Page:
Now that the “swine flu” epidemic is maybe looking not-so-bad, there are signs in the air of a backlash against the speed with which the US government, the World Health Organization, and other government agencies worked to ring the alarm bell. I think that would be a big mistake. Part of the essence of the emergence of a new flu strain is that you can’t get a solid, statistically valid sense of how deadly it is until it’s already infected tons and tons of people. But by then it’s way too late to ring the alarm. You need to act, in the first instance, on the fact that a new flu strain could be extremely dangerous so it’s highly desirable to stop it from spreading widely.
Second, the way you stop a flu virus from spreading widely is that you’ve got to raise the level of public concern.
Right from the beginning I figured if this outbreak of flu wasn’t a “big one”, the backlash would come and probably be translated to other potential disasters and even disasters already in the making like global climate change. This seems like such an obvious point, but still there are those who insist that their instinct (or political biases or whatever) are more reliable than science and concerted preventative action.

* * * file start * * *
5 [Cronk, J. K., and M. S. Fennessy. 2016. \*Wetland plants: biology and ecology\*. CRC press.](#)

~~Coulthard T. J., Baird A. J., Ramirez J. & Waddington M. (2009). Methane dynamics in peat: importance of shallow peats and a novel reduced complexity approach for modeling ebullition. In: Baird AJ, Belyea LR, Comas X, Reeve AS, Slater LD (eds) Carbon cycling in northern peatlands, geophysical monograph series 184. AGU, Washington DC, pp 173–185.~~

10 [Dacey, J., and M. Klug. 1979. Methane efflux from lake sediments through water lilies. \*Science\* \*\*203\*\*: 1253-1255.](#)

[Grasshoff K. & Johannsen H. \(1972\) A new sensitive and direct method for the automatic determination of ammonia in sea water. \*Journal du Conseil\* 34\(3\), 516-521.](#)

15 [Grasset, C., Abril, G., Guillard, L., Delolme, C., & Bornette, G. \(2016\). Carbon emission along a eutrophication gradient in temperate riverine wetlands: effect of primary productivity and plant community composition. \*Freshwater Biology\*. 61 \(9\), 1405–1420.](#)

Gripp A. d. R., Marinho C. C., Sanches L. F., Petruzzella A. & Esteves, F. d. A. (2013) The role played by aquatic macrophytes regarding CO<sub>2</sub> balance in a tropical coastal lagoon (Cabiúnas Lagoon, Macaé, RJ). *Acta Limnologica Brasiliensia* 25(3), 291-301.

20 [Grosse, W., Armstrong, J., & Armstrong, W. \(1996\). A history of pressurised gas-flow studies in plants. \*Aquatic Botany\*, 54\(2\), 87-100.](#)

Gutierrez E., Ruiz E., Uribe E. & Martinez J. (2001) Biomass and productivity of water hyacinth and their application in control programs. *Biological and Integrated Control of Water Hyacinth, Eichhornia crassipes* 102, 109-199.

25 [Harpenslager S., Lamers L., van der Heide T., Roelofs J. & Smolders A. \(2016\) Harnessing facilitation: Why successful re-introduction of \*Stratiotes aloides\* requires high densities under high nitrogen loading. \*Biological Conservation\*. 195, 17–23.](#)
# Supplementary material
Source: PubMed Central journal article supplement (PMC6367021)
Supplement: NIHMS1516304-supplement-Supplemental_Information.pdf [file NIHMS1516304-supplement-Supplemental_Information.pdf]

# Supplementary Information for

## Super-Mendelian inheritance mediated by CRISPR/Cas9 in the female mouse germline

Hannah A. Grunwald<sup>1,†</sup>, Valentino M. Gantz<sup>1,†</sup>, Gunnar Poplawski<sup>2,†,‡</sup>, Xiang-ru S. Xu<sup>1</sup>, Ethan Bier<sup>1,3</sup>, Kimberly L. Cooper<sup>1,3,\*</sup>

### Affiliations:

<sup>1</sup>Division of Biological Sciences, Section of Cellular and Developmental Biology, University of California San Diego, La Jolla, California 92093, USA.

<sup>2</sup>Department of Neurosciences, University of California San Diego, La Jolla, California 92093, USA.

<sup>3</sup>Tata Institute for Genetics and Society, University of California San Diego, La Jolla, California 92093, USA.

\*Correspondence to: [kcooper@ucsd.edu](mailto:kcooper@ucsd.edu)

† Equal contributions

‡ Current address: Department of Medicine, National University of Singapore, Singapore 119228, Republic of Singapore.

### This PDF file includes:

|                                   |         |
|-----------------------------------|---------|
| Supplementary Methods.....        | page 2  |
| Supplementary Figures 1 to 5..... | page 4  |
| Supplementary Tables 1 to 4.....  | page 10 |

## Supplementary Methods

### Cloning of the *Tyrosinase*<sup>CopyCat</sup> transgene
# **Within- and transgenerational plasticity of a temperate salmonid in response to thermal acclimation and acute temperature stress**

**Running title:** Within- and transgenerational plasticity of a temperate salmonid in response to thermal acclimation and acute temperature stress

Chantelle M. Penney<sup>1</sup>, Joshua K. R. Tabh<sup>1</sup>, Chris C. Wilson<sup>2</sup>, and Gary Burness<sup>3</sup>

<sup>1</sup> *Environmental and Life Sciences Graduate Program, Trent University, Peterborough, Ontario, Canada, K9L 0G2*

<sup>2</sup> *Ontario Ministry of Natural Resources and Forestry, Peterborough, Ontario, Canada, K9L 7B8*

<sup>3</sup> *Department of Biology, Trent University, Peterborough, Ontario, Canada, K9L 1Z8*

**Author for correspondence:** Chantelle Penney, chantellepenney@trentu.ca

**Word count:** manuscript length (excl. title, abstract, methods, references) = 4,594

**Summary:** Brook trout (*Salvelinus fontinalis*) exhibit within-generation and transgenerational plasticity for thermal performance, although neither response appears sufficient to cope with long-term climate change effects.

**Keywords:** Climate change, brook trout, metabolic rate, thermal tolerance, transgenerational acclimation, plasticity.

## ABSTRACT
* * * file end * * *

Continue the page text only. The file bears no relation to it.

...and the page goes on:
You don’t break out the fire extinguisher after you see how much damage the fire has done. And you don’t put out the stove fire and then declare that it was never any big deal. As Yglesias says, with a new strain of virus you can’t KNOW what to expect. Better safe than sorry. Or dead. We can live with the “hype”, it's the ignorance that will kill us. Note too, that by limiting the the number of people exposed to this not-so-deadly virus, we reduce the chance of it mutating into something far more deadly. This is a NEW virus that we have no immunity to, so anything can happen.Update: Or as someone else put it:
…the irony of good public health planning is that if it works, you might not know you needed it.